Updated: Sept. 24, 2016 at 11:36 a.m.
I’m not writing this column to debate political correctness — or safe spaces, trigger warnings or censorship. Those topics are certainly worthy of discussion, but this is not the place. Rather, this column is about hate speech and its place — or lack thereof — on campus.
Milo Yiannopoulos, the technology editor at Breitbart News Network, is coming to speak at GW in late October. If you’ve never heard of Yiannopoulos, you’re not alone. Given Breitbart’s limited appeal to the alt-right and Yiannopoulos’ reputation as troll targeting women, ethnic minorities and religious groups, his fan base outside the far right is rather limited. I only heard about Yiannopoulos a month ago — some of his derogatory comments made headlines when he was banned from Twitter after a series of racist tweets in which he called actress Leslie Jones “barely literate” and referred to her as a man.
As terrible as Yiannopoulos’ attacks against Jones were, they’re only the tip of the iceberg when it comes to the bigoted comments he has made. This man has described Black Lives Matter activists as goons, said that the Orlando shooter beat his ex-wife “as a good Muslim,” wrote that birth control makes women “slut[s]” and even declared that being transgender is a mental illness.
Despite all of the controversies, University spokesman Tim Pierce confirmed that the GW College Republicans scheduled Yiannopoulos to speak on campus. A student group invited him to campus to take a stand against “liberal anti-free speech policies,” following the events of Spring Fling last semester, according to the event’s page on Facebook, which says it is hosted by GW Students Against PC Culture. The organization said they were inspired to invite Yiannopoulos after Action Bronson, a rapper whose songs condone rape, was removed from the Spring Fling lineup, according to the Facebook event.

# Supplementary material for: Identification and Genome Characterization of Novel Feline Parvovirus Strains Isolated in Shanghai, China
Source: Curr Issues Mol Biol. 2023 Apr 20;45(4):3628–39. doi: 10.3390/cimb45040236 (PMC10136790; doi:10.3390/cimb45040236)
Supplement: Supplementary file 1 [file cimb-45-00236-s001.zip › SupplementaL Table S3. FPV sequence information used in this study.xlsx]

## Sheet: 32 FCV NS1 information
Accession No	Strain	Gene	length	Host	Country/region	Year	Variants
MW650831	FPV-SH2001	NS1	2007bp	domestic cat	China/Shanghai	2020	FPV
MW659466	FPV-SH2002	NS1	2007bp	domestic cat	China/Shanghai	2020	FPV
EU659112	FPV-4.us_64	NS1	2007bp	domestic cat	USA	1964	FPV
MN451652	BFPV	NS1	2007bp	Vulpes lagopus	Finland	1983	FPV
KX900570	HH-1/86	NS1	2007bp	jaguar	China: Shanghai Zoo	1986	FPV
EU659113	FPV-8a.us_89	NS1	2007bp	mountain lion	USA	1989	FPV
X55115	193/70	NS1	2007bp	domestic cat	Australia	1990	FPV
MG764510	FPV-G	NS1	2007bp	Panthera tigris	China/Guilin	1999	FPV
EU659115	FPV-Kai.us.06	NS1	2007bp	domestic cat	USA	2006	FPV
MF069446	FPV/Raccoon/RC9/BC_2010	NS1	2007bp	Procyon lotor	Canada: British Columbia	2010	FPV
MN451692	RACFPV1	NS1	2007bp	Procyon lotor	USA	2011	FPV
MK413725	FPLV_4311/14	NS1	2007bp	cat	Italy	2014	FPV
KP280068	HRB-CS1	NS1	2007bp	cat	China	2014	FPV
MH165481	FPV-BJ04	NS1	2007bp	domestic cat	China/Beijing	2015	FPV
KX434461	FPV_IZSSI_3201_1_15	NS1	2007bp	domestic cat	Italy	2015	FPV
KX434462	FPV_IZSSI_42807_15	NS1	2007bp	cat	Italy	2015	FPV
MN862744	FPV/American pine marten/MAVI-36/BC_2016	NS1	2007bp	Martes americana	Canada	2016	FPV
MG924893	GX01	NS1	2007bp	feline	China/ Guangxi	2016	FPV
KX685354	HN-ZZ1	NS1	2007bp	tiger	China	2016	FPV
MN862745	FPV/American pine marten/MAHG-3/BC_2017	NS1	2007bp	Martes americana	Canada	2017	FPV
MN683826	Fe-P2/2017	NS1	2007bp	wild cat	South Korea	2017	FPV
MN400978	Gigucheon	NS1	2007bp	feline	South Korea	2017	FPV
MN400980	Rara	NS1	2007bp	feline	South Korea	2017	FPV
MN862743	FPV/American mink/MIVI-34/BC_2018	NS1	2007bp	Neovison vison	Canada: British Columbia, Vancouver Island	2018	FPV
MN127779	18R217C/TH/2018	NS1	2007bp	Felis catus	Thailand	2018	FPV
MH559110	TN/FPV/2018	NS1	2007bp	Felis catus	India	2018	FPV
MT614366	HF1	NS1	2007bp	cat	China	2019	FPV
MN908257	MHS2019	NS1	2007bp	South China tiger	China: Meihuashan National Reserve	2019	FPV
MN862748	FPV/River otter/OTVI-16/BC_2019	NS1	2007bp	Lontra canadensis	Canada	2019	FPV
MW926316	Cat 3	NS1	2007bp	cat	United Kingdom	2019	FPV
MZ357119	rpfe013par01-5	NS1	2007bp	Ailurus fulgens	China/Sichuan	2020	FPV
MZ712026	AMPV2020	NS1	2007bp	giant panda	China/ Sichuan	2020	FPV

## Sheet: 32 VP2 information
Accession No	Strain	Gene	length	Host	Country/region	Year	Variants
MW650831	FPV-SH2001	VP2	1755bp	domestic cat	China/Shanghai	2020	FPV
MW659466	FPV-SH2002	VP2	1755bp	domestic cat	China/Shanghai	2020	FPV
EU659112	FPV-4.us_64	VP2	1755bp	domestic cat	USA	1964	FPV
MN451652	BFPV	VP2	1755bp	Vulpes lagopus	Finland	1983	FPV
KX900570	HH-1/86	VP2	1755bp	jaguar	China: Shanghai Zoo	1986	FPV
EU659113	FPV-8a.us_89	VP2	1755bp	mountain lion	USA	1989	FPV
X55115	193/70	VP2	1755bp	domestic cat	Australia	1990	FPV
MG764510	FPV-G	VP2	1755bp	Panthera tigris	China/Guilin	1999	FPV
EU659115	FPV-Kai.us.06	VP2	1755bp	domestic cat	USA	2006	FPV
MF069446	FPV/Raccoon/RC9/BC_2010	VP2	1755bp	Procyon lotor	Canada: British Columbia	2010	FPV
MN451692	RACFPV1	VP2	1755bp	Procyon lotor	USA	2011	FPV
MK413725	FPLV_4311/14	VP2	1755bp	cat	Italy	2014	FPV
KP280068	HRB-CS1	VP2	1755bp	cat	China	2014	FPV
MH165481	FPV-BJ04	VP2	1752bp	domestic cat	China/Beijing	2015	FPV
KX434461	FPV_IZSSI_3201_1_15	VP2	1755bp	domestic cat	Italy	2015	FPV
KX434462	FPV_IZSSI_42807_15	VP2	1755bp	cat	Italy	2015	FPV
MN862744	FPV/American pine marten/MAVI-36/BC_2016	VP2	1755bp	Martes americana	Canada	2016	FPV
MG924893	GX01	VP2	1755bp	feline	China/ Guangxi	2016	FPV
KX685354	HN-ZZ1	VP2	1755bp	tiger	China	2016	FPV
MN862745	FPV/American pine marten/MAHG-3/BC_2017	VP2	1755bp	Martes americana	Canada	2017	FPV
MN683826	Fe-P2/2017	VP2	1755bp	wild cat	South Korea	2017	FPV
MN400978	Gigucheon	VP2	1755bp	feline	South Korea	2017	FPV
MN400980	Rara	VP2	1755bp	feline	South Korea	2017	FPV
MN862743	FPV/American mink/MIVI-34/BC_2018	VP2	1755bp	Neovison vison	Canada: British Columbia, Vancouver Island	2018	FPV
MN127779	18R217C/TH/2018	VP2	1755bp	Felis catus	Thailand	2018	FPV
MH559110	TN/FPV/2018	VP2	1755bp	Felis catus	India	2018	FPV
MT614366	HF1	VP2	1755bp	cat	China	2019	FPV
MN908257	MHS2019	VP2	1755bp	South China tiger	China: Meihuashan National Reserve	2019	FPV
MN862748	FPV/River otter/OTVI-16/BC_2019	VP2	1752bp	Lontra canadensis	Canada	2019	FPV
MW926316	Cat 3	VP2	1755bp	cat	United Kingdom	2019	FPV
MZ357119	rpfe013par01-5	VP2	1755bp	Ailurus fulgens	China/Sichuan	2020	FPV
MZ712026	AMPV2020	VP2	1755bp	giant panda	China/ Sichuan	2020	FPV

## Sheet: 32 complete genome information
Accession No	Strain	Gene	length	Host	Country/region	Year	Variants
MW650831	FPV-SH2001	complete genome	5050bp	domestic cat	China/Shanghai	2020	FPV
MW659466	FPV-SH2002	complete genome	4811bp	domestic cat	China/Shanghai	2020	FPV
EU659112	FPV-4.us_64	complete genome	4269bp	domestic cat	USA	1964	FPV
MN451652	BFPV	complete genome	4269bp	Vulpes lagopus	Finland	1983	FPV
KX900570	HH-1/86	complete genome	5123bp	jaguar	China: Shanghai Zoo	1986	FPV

Yiannopoulos should be allowed to come to GW, but he shouldn’t be allowed to target minorities within our student population. Before Yiannopoulos comes, he should assure students and administrators that he will not actively engage in hate speech at GW.
Bringing a speaker to campus who defends free speech is admirable enough, as the protection of free speech is certainly necessary, but Yiannopoulos’ history of hate speech suggests that his appearance could very well spark bigotry and hatred among students. Why should the poster child for alt-right intolerance be allowed to come to campus and use the University as a platform to spew racist, sexist, Islamophobic and transphobic rhetoric?
No one can argue that bringing a speaker to campus who would normalize discrimination and bigotry will improve academic dialogue. His hateful speech will not promote education or diversity of thought but rather intimidate and spread ignorance. Although it is necessary to allow people to freely speak their minds, this does not extend “forms of expression which spread, incite, promote or justify hatred based on intolerance.” The freedom of speech allows for the exchanges of views that are necessary for a healthy academic environment. But that right must be properly balanced with the inherent dignity of all people and their right to engage on campus without fear of threats or hateful speech. Although Yiannopoulos has a general right to say what he wishes, he should not be able to incite hatred that makes students feel unsafe in their living and learning environment.
Proponents of unfiltered free speech often claim that they will defend the right for individuals to say what they wish, whether or not others agree. This argument brings to mind a quote by Oscar Wilde, who once wrote “I may not agree with you, but I will defend to the death your right to make an ass of yourself.” While I agree with this argument’s intent, it certainly should have its limits.
It is in that spirit that I believe Yiannopoulos should be able come to campus. He should be able to say what he wants to say, and he should be able to publicly make a fool of himself. I will gladly defend his right to do so.
If, however, Yiannopoulos finds it too difficult to open his mouth without inspiring hatred against entire groups of students — if he refuses to agree to not engage in hate speech — then University administrators should not allow him to come to speak. Rather than being a blow to freedom of speech on campus, such a decision would reconfirm the University’s commitment to stem intolerance.
Stefan Sultan, a sophomore majoring in international affairs, is a Hatchet opinions writer. Want to respond to this piece? Submit a letter to the editor.